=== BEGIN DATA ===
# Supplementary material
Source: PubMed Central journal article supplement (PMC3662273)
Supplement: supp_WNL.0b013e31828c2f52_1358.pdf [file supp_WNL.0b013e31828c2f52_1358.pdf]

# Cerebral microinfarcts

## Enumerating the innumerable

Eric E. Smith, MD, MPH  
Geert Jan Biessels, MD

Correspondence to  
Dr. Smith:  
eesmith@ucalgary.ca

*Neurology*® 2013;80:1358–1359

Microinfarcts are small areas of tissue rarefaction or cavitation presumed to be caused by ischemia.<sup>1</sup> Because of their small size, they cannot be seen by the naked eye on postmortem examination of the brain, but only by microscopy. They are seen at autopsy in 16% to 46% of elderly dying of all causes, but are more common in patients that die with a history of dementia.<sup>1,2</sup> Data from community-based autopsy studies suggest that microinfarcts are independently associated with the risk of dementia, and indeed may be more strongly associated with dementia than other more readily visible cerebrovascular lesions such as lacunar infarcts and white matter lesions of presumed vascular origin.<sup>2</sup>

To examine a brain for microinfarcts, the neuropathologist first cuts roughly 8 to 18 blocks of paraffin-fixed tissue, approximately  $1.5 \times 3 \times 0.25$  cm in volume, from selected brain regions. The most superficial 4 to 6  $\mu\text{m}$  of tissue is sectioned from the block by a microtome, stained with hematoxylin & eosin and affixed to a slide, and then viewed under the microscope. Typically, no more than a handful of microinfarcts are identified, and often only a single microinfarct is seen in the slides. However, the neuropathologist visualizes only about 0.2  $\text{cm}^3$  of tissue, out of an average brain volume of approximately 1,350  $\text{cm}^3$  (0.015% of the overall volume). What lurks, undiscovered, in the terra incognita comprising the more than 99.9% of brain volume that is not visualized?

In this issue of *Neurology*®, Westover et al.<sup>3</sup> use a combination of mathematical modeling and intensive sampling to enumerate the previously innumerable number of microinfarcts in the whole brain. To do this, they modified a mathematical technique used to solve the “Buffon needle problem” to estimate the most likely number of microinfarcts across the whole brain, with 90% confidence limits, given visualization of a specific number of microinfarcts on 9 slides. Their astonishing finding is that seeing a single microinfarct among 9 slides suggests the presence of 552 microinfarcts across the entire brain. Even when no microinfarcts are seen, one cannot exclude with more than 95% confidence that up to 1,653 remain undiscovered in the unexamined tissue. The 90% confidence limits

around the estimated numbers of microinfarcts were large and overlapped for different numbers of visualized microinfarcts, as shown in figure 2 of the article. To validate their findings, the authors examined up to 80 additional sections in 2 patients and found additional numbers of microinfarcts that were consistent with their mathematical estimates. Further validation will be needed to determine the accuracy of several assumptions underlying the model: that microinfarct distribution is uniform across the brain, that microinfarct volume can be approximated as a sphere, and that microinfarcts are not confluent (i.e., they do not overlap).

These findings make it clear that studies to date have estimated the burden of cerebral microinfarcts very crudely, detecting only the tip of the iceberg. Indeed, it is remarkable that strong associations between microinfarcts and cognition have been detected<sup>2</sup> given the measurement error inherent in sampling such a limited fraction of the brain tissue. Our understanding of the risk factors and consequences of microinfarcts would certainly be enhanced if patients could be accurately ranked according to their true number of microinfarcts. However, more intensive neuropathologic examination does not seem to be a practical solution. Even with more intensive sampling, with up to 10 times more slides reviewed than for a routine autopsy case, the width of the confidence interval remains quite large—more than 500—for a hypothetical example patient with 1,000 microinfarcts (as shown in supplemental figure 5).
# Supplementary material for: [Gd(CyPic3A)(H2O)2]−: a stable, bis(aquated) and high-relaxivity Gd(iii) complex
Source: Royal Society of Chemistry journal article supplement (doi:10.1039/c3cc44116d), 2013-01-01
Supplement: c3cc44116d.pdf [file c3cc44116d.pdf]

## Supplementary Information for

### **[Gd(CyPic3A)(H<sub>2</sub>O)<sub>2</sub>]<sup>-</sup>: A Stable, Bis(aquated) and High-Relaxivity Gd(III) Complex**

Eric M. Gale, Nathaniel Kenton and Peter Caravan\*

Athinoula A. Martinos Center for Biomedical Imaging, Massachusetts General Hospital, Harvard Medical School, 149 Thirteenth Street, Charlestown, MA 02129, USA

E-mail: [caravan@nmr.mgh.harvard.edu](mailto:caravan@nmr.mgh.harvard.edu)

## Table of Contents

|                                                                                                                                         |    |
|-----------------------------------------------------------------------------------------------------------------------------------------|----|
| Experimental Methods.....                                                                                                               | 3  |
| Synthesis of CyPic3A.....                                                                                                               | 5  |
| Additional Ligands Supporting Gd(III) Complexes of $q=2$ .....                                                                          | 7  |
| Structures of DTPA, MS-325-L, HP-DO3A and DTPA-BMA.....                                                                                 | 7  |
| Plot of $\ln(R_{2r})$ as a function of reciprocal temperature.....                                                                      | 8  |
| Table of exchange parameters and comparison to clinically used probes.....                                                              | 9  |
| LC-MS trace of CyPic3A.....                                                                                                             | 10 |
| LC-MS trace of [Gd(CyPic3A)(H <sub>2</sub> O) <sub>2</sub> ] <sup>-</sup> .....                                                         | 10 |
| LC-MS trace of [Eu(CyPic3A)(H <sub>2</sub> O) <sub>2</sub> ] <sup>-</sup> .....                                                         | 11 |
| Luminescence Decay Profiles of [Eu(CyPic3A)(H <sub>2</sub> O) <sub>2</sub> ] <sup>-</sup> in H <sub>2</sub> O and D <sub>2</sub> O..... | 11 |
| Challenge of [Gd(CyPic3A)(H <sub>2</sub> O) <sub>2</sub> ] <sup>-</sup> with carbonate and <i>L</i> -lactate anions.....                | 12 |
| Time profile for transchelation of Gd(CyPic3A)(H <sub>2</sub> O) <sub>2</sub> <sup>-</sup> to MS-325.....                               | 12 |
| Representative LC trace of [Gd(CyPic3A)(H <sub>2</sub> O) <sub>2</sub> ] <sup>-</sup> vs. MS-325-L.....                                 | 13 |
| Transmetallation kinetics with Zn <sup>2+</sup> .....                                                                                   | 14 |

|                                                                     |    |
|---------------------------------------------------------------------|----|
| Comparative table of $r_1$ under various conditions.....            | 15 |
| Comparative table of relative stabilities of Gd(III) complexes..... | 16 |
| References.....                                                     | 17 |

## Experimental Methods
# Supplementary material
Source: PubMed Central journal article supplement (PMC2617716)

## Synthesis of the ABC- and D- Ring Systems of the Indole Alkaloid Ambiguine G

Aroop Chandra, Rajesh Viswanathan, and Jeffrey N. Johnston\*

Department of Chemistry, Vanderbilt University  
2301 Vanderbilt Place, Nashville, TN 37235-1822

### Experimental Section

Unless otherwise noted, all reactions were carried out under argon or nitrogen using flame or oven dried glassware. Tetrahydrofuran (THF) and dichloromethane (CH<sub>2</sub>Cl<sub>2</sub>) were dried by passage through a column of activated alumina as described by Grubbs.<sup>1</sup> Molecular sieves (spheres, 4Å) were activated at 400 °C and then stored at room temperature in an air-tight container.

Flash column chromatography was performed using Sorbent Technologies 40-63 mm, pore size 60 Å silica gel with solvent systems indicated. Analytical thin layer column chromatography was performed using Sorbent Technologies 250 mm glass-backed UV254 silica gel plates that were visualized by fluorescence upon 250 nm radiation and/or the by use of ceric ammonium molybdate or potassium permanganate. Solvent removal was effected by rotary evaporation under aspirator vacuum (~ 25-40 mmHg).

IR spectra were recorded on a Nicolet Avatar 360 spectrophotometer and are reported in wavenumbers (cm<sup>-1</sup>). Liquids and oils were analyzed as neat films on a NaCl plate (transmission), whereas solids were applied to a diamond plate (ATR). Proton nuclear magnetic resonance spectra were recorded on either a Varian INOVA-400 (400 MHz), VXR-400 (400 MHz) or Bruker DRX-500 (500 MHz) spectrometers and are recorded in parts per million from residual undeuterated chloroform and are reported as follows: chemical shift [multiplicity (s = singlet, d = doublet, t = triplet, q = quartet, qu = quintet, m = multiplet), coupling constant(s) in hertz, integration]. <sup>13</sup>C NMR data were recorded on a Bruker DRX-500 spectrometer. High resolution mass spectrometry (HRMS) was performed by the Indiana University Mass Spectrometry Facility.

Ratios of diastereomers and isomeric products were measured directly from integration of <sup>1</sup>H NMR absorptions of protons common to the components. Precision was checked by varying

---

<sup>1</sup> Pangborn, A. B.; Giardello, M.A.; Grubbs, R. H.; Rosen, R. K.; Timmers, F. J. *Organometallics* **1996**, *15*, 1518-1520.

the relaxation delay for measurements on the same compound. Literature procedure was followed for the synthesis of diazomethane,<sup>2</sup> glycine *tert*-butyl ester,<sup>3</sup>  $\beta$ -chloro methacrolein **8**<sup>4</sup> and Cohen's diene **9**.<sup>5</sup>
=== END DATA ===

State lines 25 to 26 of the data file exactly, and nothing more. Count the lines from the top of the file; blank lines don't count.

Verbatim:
## Table of Contents

|                                                                                                                                         |    |